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capecod in NJ: cathedral ceiling unvented roof open cell? or closed cell? foam


mxl4729's Avatar
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10-17-07, 08:27 PM   #1  
capecod in NJ: cathedral ceiling unvented roof open cell? or closed cell? foam

I am looking for people who have used spray foam in an attic or cathedral ceiling to create an unvented roof.

did they use open cell or closed cell foam?

Did it work reducing the heat?

any moisture problems?


My story is I live in NJ and have a capcod or 1 1/2 story house. So the roof is my ceiling upstairs.
the rafters are only 5.5 inches deep.
I have no soffets for air intake.
I have a ridge vent which is worthless because i have no air intake. So as of now I have an unvented roof

i have gutted the area and need to insulate. it gets ungodly hot up there and was hoping to fix this.

i have gotten quotes for spray foam for open and closed cell. both are $3000 for my area of about 1000 sq ft.

3 inch of closed cell or 5 inches of open cell.

All the people that sell open cell say to go with open cell all the people that sell closed cell say to go with closed cell.

i want to know if anyone here has used ether and if they have had problems. i am not sure what my other options are but from what i read on these forums it would be to add venting which I do not really see how I can do because I have no soffets. This is why I would like to go with an unvented setup.

some large pics to show what is going on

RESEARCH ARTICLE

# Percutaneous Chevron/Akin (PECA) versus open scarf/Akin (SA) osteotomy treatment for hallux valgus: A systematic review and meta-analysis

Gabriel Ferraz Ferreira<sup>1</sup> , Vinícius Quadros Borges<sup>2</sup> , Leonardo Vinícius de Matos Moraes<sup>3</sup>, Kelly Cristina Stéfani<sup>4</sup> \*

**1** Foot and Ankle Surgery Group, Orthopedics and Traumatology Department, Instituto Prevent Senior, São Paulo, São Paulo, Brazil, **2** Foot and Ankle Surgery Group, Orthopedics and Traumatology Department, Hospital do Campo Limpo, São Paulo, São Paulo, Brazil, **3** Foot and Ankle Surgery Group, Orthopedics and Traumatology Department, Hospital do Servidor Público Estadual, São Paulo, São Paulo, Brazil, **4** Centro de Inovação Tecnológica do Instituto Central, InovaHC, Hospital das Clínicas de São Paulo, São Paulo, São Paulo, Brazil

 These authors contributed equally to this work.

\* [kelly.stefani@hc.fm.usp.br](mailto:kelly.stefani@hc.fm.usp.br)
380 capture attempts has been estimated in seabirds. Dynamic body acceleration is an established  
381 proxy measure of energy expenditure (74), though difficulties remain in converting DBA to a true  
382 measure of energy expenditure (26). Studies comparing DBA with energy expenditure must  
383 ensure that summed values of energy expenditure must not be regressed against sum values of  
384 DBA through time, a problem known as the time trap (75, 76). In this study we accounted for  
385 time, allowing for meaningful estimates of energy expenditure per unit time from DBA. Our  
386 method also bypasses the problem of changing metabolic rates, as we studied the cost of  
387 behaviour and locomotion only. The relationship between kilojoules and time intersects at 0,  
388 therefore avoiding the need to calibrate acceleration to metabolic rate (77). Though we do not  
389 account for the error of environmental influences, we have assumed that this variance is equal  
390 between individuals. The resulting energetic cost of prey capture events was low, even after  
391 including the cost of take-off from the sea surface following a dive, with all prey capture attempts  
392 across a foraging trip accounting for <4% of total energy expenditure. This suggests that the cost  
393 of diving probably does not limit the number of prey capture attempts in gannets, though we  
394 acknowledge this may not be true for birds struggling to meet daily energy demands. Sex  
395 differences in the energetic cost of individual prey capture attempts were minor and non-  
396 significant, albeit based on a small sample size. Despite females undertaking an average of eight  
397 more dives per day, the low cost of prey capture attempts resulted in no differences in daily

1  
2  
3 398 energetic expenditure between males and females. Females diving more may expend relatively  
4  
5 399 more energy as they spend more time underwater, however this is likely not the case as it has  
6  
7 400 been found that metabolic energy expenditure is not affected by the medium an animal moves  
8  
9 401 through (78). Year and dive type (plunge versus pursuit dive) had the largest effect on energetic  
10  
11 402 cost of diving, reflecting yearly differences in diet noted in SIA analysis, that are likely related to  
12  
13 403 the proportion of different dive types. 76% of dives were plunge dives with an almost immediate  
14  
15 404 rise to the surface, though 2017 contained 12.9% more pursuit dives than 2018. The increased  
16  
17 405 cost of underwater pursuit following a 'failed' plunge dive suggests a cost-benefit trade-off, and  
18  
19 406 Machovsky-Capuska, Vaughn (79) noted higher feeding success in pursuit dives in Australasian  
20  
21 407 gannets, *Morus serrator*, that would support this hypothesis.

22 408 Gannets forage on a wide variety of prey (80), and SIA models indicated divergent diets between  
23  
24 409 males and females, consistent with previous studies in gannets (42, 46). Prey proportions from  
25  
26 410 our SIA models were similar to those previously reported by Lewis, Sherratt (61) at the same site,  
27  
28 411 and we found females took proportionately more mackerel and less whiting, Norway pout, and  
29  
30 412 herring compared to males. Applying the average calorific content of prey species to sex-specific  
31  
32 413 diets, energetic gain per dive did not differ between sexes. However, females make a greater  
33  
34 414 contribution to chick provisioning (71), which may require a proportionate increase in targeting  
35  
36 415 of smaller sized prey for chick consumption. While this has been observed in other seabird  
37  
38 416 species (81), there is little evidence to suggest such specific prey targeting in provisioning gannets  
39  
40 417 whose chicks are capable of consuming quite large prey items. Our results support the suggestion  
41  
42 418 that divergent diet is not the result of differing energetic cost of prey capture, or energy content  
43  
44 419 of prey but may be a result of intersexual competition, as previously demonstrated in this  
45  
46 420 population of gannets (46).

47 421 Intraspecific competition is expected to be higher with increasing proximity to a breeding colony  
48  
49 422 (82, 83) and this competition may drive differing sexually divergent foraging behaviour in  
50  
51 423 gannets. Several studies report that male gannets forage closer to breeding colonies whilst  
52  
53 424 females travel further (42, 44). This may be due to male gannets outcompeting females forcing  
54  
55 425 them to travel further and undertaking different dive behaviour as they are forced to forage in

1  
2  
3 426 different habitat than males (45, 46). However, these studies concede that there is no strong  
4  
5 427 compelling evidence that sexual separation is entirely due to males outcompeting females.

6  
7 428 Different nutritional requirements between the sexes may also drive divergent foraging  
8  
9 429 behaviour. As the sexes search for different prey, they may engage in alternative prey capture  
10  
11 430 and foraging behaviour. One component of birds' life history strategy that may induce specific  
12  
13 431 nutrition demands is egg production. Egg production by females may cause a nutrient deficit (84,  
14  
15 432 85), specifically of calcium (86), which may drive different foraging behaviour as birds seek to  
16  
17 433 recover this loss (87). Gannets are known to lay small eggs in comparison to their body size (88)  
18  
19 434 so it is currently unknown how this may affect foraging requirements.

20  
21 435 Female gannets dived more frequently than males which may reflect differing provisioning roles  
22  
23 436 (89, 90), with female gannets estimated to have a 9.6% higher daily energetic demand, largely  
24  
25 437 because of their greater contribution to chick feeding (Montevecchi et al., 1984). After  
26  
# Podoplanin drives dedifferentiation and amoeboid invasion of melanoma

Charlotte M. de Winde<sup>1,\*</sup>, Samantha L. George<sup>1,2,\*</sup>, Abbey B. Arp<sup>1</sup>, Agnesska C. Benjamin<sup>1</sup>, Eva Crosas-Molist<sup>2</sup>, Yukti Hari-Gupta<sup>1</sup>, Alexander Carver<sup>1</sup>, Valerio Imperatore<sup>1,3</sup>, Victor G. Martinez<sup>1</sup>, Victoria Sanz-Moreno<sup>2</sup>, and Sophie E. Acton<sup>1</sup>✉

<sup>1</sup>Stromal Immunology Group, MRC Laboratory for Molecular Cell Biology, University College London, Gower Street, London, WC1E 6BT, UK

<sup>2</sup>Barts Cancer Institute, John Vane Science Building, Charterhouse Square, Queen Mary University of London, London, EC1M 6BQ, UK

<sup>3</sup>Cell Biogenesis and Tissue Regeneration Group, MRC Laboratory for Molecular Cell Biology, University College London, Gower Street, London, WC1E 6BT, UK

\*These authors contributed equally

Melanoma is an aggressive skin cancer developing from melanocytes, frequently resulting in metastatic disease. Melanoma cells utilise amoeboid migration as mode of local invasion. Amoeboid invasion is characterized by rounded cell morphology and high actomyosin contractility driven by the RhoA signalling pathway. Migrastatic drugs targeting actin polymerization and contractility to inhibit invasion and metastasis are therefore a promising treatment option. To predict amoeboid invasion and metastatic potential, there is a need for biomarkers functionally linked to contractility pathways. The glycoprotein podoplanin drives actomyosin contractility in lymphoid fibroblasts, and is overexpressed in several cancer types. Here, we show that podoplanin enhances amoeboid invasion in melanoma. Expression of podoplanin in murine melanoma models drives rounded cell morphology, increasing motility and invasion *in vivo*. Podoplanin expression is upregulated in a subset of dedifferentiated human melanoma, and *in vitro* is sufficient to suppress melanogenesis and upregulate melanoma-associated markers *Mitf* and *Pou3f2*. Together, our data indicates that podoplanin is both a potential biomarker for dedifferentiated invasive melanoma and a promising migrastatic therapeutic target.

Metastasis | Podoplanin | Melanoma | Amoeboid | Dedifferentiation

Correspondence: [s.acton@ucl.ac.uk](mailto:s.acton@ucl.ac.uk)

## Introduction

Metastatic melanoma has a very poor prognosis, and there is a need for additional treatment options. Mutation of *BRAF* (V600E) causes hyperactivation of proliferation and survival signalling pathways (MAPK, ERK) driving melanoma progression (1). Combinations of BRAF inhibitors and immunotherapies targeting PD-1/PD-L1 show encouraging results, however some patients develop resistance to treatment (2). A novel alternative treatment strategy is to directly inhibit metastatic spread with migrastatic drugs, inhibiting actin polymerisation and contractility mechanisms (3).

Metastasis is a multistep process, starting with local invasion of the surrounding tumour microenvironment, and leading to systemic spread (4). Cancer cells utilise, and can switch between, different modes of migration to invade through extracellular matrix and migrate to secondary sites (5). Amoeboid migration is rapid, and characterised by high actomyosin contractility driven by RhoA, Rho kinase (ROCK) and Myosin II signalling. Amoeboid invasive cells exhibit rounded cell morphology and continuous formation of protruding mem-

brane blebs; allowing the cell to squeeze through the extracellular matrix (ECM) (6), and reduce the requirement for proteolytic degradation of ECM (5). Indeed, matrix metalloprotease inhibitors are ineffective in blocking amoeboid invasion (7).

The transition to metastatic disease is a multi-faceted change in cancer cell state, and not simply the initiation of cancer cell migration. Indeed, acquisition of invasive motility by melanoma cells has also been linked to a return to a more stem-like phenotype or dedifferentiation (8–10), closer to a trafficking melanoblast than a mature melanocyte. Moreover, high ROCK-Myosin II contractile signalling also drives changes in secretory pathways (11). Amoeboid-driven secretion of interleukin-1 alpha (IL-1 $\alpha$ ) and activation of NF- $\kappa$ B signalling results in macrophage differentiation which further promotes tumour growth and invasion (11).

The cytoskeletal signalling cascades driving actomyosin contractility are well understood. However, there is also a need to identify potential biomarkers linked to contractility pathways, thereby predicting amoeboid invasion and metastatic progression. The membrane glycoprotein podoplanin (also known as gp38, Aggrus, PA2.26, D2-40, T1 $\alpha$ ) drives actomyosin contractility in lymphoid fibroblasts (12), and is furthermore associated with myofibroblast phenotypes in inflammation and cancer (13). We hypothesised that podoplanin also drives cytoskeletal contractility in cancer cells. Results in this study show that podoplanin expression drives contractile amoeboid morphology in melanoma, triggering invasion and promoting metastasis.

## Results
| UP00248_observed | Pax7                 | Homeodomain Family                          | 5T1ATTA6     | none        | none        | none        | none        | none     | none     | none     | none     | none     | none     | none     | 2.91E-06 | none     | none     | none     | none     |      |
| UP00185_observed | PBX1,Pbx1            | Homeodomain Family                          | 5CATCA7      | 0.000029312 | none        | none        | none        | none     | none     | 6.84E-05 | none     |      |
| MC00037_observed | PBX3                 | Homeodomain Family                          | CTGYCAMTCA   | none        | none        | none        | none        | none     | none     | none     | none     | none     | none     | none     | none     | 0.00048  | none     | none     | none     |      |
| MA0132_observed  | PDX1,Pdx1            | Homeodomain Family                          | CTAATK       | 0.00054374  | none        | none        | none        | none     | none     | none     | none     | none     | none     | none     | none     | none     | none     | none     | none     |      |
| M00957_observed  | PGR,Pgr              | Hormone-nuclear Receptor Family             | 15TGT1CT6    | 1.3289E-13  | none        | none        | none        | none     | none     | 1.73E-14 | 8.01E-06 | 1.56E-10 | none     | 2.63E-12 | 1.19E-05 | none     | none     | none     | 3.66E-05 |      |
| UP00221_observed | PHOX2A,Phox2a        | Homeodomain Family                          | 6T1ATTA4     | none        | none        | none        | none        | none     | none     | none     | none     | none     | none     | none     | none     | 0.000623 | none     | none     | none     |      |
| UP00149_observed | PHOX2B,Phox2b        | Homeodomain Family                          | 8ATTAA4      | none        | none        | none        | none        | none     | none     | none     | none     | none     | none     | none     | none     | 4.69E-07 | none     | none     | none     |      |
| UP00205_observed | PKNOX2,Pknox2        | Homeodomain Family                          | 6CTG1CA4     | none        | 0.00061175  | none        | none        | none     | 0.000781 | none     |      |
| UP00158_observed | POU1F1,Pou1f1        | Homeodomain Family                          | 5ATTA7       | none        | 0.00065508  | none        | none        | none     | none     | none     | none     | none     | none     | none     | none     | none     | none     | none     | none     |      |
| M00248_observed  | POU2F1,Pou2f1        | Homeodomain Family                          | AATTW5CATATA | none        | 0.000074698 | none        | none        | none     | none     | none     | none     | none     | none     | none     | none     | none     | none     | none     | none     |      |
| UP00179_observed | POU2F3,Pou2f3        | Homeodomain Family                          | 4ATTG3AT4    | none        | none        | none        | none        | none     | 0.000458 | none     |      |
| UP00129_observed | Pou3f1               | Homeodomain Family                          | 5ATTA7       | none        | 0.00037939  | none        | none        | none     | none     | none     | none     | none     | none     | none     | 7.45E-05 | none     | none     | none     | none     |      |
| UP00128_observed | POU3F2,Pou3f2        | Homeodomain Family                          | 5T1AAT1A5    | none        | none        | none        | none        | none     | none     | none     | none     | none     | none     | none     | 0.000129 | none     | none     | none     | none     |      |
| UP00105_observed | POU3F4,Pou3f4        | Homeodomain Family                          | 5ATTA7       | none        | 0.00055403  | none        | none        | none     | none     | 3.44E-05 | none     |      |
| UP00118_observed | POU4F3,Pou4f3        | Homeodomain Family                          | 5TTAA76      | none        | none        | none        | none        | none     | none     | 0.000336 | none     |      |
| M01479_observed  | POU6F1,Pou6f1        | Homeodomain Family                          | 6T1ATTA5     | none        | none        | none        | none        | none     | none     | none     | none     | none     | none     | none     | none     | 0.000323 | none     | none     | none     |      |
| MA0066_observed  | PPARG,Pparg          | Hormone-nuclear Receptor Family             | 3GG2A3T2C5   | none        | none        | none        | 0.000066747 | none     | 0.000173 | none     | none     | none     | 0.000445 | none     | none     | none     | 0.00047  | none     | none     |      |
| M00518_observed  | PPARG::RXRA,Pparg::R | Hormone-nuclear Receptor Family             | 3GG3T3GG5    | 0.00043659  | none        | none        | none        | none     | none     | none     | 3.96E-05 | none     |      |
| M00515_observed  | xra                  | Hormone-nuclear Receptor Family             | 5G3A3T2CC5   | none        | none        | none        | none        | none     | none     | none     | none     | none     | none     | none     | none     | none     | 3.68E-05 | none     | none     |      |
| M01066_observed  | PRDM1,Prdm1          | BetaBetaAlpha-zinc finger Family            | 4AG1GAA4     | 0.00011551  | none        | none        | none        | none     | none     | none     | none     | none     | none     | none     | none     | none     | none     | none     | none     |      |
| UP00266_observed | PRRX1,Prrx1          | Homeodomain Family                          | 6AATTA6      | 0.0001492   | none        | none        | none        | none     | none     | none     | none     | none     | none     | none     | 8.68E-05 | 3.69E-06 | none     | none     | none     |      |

my house see no soffets


were the rafters of the second floor meet the walls
you can see that it gets so hot up there that it has cooked some of the resin out of the wood rafters



full view of the walls



you can see the discoloration of the underside of the roof decking



under side of my useless ridge vent





thanks matt

 
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resercon's Avatar
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10-19-07, 08:27 AM   #2  
This shows an example of how to provide attic ventilation to the lower portion of the roof.

http://www.toolbase.org/TechInventor...&CategoryID=10


This site on page 4 shows the different ways to insulation and ventilate the area behind the knee wall.

http://www.eere.energy.gov/buildings...pdfs/26447.pdf


Without getting to technical here the primary purpose of attic ventilation is to bypass the low water vapor permeability of roofing materials. The water vapor molecule is so small that it will permeate all known building materials. Example, all building materials have "Perm Ratings" This is an indication of the time it takes for water vapor to permeate the material. The lower the Perm Rating the longer it takes for moisture to permeate it. Vapor barriers and roofing materials have a much lower Perm Rating than any type of foam, closed cell or open cell.

For this reason I would not recommend foam for your application.

 
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10-19-07, 05:20 PM   #3